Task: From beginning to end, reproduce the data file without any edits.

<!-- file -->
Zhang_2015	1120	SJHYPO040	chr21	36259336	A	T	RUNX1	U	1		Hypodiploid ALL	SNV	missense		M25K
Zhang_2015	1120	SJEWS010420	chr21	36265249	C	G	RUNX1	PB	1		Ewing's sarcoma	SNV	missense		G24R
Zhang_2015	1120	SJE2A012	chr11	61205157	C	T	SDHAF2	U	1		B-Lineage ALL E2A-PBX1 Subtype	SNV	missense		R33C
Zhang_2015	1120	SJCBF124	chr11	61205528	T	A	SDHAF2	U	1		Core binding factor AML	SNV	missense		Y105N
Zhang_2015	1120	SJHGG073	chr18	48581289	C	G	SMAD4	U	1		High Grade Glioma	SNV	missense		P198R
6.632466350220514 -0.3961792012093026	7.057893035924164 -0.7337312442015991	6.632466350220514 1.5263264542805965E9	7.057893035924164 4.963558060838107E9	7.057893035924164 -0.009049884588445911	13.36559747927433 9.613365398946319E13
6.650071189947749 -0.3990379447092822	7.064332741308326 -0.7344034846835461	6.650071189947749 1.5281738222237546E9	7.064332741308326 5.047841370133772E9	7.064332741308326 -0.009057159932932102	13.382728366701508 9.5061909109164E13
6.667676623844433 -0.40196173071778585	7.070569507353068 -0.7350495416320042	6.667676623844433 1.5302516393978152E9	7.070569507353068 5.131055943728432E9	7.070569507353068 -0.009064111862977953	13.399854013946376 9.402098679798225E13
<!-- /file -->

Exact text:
Zhang_2015	1120	SJHYPO040	chr21	36259336	A	T	RUNX1	U	1		Hypodiploid ALL	SNV	missense		M25K
Zhang_2015	1120	SJEWS010420	chr21	36265249	C	G	RUNX1	PB	1		Ewing's sarcoma	SNV	missense		G24R
Zhang_2015	1120	SJE2A012	chr11	61205157	C	T	SDHAF2	U	1		B-Lineage ALL E2A-PBX1 Subtype	SNV	missense		R33C
Zhang_2015	1120	SJCBF124	chr11	61205528	T	A	SDHAF2	U	1		Core binding factor AML	SNV	missense		Y105N
Zhang_2015	1120	SJHGG073	chr18	48581289	C	G	SMAD4	U	1		High Grade Glioma	SNV	missense		P198R
6.632466350220514 -0.3961792012093026	7.057893035924164 -0.7337312442015991	6.632466350220514 1.5263264542805965E9	7.057893035924164 4.963558060838107E9	7.057893035924164 -0.009049884588445911	13.36559747927433 9.613365398946319E13
6.650071189947749 -0.3990379447092822	7.064332741308326 -0.7344034846835461	6.650071189947749 1.5281738222237546E9	7.064332741308326 5.047841370133772E9	7.064332741308326 -0.009057159932932102	13.382728366701508 9.5061909109164E13
6.667676623844433 -0.40196173071778585	7.070569507353068 -0.7350495416320042	6.667676623844433 1.5302516393978152E9	7.070569507353068 5.131055943728432E9	7.070569507353068 -0.009064111862977953	13.399854013946376 9.402098679798225E13